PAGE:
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11 Brilliant Baboon Facts About These Remarkable Primates

Baboons are one of the world's largest monkeys. One misconception about these primates is that they are naturally aggressive. As you read through these baboon facts, we'll uncover the truth behind these myths.

Let's begin with their complex social order, which resembles human societies in many respects. Additionally, their cognitive abilities are comparable to higher primates, providing valuable insights into studying intelligence in the animal kingdom. 

Related: Want to know more about other types of monkeys? Check out these general monkey facts.

10 Baboon Facts

baboon side view
Photo by Dmitrii Zhodzishskii on Unsplash.

1. There are six species of baboons in the world.

Six distinct species of baboons live in Africa and Arabia: the Kinda baboon, Olive baboon, Chacma baboon, Hamadryas baboon, Guinea baboon, and Yellow baboon. (While bleeding-heart monkeys also go by "gelada baboons," they are not true baboons.)

Each species has unique characteristics that intrigue wildlife enthusiasts and scientists. Remarkably adaptable, baboons maintain a varied existence across a wide range of environments, from the tropical rainforests to the semi-arid habitats of the African Savannah,

Olive baboons (also called Savannah Baboons) are the most widespread of the species, living in Mali, Tanzania, and Ethiopia. Meanwhile, Chacma baboons live in South Africa, Botswana, and Zimbabwe. 

The long-maned Hamadryas baboon (also referred to as the sacred baboon) lives in the Horn of Africa and across the Red Sea. On the other hand, the Guinea baboon is the smallest species, living in a small area of West Africa.

Lastly, the Yellow Baboon lives in Kenya and Zimbabwe. Interestingly, these baboon species can interbreed, resulting in hybrid offspring.

2. You can find baboons only in Arabia and Africa.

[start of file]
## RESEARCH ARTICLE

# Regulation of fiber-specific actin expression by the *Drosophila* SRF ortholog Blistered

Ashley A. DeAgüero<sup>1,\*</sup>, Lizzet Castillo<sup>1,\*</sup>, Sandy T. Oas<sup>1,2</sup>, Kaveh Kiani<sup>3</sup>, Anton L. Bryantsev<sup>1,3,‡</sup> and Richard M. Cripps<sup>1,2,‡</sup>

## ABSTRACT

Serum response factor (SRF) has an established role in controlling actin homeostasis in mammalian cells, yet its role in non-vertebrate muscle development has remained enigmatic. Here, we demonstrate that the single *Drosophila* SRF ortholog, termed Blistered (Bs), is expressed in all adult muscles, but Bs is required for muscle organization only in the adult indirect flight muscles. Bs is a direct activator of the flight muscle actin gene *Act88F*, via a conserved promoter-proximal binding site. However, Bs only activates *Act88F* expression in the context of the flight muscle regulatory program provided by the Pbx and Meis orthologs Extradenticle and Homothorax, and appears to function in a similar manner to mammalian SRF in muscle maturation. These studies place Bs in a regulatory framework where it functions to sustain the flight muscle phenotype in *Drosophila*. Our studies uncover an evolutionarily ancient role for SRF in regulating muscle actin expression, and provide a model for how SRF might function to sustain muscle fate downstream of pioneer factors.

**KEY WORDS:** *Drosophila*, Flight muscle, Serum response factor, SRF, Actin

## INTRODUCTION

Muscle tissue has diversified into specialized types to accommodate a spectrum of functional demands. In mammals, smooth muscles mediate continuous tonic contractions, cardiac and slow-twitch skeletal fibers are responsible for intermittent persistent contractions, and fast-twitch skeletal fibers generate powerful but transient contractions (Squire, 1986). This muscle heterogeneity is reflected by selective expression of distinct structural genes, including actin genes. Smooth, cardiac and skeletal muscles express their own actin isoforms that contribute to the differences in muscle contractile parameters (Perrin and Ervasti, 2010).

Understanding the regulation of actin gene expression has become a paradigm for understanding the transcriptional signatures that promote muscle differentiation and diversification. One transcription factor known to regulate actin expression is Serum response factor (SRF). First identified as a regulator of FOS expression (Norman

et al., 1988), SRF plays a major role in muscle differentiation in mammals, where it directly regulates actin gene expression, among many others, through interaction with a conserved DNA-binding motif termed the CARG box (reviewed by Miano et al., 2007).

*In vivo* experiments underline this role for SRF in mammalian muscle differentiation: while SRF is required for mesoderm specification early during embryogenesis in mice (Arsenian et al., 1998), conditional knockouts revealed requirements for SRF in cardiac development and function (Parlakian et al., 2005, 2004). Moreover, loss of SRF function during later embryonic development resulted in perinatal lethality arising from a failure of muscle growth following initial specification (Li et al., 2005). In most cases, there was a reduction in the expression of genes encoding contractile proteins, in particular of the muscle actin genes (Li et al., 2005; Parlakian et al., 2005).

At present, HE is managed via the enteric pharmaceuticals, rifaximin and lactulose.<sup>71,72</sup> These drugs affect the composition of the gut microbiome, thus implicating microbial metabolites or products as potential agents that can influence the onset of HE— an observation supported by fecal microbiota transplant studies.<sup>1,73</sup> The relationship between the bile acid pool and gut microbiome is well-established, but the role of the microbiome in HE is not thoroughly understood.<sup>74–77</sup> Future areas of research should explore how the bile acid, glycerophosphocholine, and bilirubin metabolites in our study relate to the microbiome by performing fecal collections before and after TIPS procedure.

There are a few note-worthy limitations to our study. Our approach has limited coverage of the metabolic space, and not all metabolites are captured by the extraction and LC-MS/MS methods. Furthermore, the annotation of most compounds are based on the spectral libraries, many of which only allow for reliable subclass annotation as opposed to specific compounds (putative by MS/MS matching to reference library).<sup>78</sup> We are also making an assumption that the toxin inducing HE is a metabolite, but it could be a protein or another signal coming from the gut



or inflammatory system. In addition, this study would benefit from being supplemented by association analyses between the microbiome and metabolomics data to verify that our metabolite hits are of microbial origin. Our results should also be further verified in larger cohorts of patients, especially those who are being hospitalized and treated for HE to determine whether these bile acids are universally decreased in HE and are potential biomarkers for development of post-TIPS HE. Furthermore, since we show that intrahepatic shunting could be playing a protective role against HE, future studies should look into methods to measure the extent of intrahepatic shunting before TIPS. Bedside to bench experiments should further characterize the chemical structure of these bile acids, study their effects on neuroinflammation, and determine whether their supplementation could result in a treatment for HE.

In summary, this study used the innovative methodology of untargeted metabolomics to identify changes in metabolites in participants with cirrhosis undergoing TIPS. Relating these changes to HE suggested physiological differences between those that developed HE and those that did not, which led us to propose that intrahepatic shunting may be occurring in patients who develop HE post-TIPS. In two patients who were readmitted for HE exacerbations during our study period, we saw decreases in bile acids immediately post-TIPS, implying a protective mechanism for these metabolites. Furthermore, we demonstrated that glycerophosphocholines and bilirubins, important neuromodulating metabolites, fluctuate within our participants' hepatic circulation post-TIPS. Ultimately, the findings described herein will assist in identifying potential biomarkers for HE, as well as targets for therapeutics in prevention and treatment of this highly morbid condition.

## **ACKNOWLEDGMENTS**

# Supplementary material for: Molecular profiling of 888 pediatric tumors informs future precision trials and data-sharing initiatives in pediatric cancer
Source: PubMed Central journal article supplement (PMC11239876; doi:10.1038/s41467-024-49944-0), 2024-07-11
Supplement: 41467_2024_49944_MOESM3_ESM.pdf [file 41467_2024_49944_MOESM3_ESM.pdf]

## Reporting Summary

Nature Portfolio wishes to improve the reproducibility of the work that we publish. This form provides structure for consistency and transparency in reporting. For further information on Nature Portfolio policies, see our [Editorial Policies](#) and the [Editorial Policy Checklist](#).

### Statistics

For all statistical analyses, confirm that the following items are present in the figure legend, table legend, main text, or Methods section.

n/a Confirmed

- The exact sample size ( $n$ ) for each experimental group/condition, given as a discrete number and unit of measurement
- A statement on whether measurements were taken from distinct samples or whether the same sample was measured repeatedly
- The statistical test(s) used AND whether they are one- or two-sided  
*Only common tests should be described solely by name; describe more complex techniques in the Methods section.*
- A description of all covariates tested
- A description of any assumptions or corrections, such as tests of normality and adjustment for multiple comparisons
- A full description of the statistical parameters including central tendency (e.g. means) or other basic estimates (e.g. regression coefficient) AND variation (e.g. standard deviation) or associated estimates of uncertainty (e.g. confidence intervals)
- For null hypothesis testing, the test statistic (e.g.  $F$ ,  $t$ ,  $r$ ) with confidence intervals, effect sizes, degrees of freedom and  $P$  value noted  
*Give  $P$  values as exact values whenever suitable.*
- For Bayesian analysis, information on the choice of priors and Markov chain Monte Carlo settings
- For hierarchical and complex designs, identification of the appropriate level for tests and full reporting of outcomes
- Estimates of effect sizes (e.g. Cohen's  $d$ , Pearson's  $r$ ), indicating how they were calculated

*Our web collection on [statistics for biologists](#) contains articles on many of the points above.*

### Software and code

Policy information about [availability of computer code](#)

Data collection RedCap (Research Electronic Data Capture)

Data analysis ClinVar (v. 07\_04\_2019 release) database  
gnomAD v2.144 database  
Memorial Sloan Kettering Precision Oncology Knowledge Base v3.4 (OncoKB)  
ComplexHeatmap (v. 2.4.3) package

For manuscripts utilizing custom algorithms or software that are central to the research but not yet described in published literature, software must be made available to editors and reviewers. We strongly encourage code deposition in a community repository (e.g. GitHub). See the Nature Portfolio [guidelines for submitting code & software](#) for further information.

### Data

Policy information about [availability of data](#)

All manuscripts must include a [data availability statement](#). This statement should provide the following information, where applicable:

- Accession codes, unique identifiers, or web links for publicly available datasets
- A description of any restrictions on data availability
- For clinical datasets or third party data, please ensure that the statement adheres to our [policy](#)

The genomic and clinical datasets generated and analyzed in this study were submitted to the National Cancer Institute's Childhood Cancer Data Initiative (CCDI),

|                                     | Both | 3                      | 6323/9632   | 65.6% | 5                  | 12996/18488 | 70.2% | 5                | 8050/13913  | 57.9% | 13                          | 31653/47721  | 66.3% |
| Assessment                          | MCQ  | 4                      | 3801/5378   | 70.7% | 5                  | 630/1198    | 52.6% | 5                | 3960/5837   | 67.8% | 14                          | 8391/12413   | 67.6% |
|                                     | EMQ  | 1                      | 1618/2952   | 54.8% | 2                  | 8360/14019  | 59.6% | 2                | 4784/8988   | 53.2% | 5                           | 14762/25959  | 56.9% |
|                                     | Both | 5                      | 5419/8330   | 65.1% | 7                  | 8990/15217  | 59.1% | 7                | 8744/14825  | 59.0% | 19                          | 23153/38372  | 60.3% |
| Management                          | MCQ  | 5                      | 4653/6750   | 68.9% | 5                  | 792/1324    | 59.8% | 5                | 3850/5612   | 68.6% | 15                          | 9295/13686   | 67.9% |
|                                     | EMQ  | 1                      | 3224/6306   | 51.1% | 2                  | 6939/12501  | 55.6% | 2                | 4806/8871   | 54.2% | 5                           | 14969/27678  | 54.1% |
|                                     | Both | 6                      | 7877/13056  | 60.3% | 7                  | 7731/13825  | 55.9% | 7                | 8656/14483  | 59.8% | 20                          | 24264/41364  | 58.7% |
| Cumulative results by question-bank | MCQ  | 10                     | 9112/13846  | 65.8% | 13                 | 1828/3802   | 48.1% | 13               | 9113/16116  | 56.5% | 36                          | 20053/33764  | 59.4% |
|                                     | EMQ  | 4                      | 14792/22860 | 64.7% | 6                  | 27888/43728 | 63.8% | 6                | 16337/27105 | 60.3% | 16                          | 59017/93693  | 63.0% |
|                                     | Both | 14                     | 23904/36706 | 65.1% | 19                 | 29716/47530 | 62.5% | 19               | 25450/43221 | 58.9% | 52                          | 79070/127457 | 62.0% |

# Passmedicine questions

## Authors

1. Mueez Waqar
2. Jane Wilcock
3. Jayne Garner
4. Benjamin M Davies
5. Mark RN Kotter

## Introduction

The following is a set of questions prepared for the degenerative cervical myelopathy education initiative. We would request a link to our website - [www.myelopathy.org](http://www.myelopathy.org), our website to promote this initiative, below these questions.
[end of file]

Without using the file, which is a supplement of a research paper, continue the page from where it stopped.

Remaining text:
mom and son baboon
Photo by Jorge Tung on Unsplash

Baboons are a species of primates that only live in Africa and Arabia. However, they are highly adaptable and can live in various environments like savannahs, semi-arid lands, and tropical forests.

Savanna baboons include four baboon species: olive, yellow, chacma, and Guinea baboons. However, they avoid living in deserts and high mountains because they prefer accessible water sources and safe nesting sites.

3. Baboons lack prehensile tails.

Like other Old World monkeys, baboons do not have prehensile tails, so they can't swing from tree to tree with their tails. 

However, ground-dwelling baboons can still climb trees to escape danger. Despite lacking gripping tails, they can use their strong limbs as a safety harness to enjoy treetop adventures.

Although mostly known for enjoying a frugivorous diet, baboons eat an incredibly diverse array of foods, including everything from grass and seeds to fish and shellfish. They also sometimes eat insects and even smaller primates such as vervet monkeys.

4. Baboons are vocal primates.

baboon sitting on branch
Photo by Dawn W on Unsplash

One of the fascinating facts about baboons you probably didn't know is that they can produce more than 30 distinct vocalizations, which include grunts, barks, screams, and multi-part 'wahoo' calls. Each vocalization alerts the others to danger or expresses excitement, among others. 

Moreover, baboons add multiple layers of meaning to their exchanges, similar to how humans use tone and inflection when speaking. For instance, a short, quiet bark may indicate a minor threat, while a loud, long bark may convey a different message.

Additionally, baboons can recognize their peers' unique vocalizations, similar to how humans can identify their friends' voices. This capability maintains social bonds and hierarchy within the troop.

5. Baboons cuddle for warmth.

Baboons often cuddle for warmth, particularly when the evening comes and the temperature drops. By huddling together, their bodies generate heat in the cold environment. However, aside from its thermal benefits, this behavior also strengthens social connections within the baboon troop. 

Moreover, baboons prefer specific sleeping locations to avoid the reach of predators like leopards. Once settled, they huddle together to keep warm and deter predators. 

6. Baboon troops comprise up to 150 members.

baboon front view
Photo by Leila Boujnane on Unsplash

Next on our list of interesting baboon facts: In the wild, baboons can cover up to 150 individuals, composing a well-coordinated defense strategy. For instance, the troop relies on numerous pairs of eyes watching over one another, which can intimidate even the bravest predators. Furthermore, these baboons create a complex network of social dynamics among themselves.